Here’s Something Borrowed from the perspective of a male, certainly the polar opposite of the target audience: Kate Hudson plays Kate Hudson, soon to be married to a poor mans Tom Cruise. Kate Hudson’s (the character, a term used loosely) best friend Ginnifer Goodwin has the hots for the Tom Cruise guy. That one dude from The Office pops in, replacing the traditional female advice giver, romance happens where it shouldn’t, and awkwardness ensues.
That’s it, following an outline of romantic comedy school 101 with no unique sensibilities or the capabilities to realize that it’s been done before. Nearly all of Something Borrowed’s humor comes from those quirky conversations where Goodwin thinks Hudson has caught onto the fact that she did that “something” with Hudson’s Tom Cruise look-a-like, but of course it’s always something else.
Something Borrowed might as well throw its comedic talent into a dumpster, a film grossly unaware that is has funny people in the cast. The film certainly isn’t casting against the type; these movies never do. The screen adaptation written by Jennie Snyder never seems to put two and two together, the movie trudging through familiar waters, forcing the drama, and milking the romance.
It begins to spiral into a pit of repetition, Tom Cruise guy falling for Goodwin, they have the dialogue tree where they both admit it can’t be, and start the process over with Hudson gleefully unaware. It’s not so much a relationship so much as it is an excuse to flood the screen with heartache while making the two people who haven’t seen this material before weep uncontrollably.
Hollywood loves this story of the terminally single 30-year old meeting the perfect stock male archetype. They’re cast for looks first, because these movies can never feature the outcast, and the story is built around them. It’s marketing genius really, the studios finding a means to adapt a continual stream of romantic familiarity to the screen. If the release slate calls for one but no suitable novel exists, they dip into their own pool of dreck, cast Kate Hudson again, and spend $30 million to craft the same story they’ve told 26 times in 2011 already. Something Borrowed is a meaningless mix of the novel/film romantic comedy concept, and it brings them together without an ounce of wit or freshness.
Oh Warner, you silly studio. Are we back to the sub-par, bitrate starved BD-25 issue again? If Something Borrowed is the indication, yes, we certainly are. This two hour clunker is pushed onto a disc with about five gigs to spare, the less than optimal bitrate crushing the grain structure. You know why most casual viewers have a negative opinion of grain? Discs like this. It swarms the image, not as a natural extension of the film stock, but a dreadfully inadequate haze of noise. When it spikes, look out. It looks like dots crawling all over the actors.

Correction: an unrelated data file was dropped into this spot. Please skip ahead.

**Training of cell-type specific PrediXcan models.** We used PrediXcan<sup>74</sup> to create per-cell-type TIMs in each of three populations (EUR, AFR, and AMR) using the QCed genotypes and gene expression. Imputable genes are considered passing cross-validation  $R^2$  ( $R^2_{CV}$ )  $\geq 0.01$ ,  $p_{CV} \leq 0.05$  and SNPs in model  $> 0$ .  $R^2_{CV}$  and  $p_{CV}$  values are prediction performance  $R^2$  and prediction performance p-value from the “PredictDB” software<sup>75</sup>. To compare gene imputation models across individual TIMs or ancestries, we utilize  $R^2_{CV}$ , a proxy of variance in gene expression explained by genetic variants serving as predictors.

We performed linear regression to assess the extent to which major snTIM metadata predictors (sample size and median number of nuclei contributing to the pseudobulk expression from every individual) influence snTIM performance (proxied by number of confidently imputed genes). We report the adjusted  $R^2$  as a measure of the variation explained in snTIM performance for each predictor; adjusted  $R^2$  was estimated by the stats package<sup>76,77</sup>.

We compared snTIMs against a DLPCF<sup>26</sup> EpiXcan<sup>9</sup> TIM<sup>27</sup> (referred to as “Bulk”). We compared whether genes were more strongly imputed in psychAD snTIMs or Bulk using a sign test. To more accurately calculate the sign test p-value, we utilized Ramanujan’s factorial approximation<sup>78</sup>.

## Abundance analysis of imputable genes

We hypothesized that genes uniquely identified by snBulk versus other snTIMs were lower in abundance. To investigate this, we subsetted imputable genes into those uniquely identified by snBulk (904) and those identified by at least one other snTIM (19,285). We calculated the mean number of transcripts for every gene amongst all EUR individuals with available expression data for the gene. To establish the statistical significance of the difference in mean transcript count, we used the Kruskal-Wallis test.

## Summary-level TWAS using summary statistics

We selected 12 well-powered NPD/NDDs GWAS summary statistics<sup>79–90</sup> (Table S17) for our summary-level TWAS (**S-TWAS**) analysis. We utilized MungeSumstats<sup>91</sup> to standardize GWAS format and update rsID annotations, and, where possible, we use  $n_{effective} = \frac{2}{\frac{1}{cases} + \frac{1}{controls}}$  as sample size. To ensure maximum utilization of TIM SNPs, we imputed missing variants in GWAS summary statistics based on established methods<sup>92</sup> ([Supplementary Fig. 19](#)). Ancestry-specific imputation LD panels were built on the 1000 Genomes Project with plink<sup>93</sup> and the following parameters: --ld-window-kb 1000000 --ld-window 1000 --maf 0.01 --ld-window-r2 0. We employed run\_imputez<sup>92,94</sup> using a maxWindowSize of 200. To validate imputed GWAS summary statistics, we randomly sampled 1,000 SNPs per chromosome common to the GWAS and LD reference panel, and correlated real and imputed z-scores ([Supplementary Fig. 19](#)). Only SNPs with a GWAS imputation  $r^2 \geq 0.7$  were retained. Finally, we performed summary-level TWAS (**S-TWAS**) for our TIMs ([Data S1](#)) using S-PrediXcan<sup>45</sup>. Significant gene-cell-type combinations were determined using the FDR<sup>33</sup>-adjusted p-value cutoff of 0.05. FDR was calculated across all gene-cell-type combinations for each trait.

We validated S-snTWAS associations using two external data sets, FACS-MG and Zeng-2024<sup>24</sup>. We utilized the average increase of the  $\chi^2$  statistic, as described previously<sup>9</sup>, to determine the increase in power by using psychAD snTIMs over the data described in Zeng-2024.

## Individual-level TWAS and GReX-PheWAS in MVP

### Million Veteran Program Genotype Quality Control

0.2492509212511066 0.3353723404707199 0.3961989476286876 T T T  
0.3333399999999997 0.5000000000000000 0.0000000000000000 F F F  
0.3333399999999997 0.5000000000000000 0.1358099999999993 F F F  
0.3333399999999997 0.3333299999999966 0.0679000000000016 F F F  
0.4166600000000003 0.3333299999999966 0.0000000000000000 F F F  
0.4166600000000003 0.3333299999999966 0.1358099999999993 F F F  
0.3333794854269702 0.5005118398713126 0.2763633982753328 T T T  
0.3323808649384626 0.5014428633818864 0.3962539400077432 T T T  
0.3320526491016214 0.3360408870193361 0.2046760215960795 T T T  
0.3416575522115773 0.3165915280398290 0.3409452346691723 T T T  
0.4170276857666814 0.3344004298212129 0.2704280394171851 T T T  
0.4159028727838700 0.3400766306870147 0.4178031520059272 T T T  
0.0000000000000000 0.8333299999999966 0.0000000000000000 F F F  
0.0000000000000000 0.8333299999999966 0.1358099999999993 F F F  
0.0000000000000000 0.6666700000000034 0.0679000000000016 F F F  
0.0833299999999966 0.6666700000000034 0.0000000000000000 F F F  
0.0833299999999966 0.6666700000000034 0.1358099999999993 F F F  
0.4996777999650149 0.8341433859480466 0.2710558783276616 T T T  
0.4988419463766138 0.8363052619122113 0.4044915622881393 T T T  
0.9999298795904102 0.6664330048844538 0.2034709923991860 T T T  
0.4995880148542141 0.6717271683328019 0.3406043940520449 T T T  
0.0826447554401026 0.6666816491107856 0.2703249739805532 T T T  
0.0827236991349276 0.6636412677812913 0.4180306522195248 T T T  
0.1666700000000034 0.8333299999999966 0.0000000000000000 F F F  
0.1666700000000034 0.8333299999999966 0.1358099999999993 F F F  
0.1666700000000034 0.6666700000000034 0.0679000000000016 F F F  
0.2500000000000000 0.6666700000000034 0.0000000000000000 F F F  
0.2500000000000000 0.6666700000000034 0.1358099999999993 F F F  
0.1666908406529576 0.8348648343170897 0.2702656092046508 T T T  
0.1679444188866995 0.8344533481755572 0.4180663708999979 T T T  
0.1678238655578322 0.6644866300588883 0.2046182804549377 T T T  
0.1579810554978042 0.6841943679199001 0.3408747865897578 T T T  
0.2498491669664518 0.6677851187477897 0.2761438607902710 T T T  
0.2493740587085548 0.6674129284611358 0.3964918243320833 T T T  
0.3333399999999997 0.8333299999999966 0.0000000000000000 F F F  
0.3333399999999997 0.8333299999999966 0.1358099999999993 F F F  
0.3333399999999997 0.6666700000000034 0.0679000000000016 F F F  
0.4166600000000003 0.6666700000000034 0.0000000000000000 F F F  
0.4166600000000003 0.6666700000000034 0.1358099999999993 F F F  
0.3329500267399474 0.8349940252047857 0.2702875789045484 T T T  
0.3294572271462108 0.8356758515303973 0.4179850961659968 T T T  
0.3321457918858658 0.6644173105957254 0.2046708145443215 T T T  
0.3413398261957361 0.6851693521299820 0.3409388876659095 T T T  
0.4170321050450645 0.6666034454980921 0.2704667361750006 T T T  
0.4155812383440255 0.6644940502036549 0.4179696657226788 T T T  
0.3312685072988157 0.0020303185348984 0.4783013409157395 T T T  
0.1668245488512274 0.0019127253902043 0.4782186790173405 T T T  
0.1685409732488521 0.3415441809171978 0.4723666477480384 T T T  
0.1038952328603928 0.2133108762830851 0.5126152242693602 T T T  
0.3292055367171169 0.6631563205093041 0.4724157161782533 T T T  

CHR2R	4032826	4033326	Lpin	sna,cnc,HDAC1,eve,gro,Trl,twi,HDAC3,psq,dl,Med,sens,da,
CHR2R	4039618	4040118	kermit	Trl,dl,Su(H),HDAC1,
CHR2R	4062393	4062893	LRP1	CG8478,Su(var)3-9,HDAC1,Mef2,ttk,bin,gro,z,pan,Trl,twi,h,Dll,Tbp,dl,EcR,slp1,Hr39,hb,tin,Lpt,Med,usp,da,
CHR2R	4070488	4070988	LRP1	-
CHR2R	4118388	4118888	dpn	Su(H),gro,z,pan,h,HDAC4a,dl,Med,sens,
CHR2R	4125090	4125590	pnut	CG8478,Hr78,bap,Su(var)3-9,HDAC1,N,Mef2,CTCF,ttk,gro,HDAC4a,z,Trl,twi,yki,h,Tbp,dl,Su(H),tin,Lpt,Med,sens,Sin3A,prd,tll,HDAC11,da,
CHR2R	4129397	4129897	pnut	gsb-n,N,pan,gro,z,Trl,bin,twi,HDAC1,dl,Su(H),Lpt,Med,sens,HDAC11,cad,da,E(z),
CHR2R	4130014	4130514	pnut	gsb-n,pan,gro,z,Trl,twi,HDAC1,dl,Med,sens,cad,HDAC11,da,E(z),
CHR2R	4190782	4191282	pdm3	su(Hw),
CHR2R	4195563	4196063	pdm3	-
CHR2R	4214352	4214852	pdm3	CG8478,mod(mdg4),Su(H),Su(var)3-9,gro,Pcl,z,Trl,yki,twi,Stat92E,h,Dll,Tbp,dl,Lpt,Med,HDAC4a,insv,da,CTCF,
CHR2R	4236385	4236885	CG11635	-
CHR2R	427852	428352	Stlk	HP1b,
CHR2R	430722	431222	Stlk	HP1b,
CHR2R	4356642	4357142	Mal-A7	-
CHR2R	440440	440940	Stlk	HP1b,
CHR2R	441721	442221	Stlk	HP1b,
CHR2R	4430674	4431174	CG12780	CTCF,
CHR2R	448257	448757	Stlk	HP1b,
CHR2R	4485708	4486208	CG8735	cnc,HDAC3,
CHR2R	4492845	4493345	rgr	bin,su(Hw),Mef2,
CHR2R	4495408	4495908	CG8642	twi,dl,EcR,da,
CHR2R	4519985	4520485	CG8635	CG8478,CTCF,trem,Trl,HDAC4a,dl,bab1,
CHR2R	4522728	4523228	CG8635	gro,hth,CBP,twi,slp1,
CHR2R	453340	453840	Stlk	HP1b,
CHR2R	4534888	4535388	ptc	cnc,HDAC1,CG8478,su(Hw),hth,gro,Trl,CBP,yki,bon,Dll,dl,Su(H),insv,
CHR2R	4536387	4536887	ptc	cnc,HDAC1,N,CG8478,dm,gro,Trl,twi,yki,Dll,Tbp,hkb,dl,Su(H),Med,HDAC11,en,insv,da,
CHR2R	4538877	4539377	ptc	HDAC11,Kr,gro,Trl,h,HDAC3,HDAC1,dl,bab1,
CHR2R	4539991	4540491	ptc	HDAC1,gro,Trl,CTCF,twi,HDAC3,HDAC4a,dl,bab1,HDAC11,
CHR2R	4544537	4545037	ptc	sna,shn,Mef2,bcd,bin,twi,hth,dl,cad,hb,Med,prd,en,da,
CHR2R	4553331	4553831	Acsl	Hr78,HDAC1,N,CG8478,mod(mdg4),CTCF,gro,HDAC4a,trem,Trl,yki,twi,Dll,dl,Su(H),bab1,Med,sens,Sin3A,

It picks up the fine detail and finds itself totally unable to properly display it. Hardly anything comes through, and the compression makes some of the stock aerials of New York look like a muddy mess. Medium shots appear unmistakably digital, and close-ups can only reproduce what was shot in a handful of sequences. High-fidelity detail simply isn’t here at the level it should be.
That’s not the only problem Something Borrowed will fight with, battling it out with a needlessly aggressive case of black crush. A sequence in the back of a cab with Goodwin and the Tom Cruise guy appears as two floating heads, their black casual dress outfits blending with the interior. The disc couldn’t afford to lose much more detail.
Colors are at least elevated for some level of eye candy, although they do not play nice with the flesh tones. Hudson may be getting ready for a wedding, a tan appropriate, yet she’s blazingly orange throughout much of the movie. That doesn’t explain the ancillary characters either. They all must be in full wedding mode. Everything else is acceptable, given some intensity just for the sake of it. The abhorrent artifacting thankfully doesn’t lead to any outlandish bleeding.
We have arrived. Err, let’s explain that. Certainly, everyone bought their home theaters capable of decoding DTS-HD just so they could hear Kate Hudson moan in the right surround speaker, right? Isn’t this what you were waiting for?
At the very least, that’s about all Something Borrowed will provide in terms of its rear speaker usage. New York is presented as a drab, barren wasteland even if it’s obviously crowded, and the music amongst the numerous parties and clubs are sustained in the fronts. The low-end will at least provide a boost, a significant throb right from the start as Goodwin walks into a surprise party.
Dialogue remains positioned dead center, never finding an escape route to another channel. It’s consistent, balanced well, and reproduced with a full bodied clarity. The mix shows signs of life if nothing else, yet misses out on some marginal potential.
Extras may seem plentiful but they’re terrible. On Location with Emily Griffin follows the book’s author as she tours New York. Marcus’ Guide to the Ladies is an in-character piece from Steve Howey on how he picks up women. What is Something Borrowed has cast and crew discussing what they believe the title means, and most don’t even have a clue.
Four deleted scenes are deleted for a reason, while Inside Something Borrowed is a pointless recap of the plot for two minutes. A gag reel is the best thing here, while Something.. Old details the cast’s ideas on turning 30. In total, it’s about a half hour of content, and not a single bit having any bite.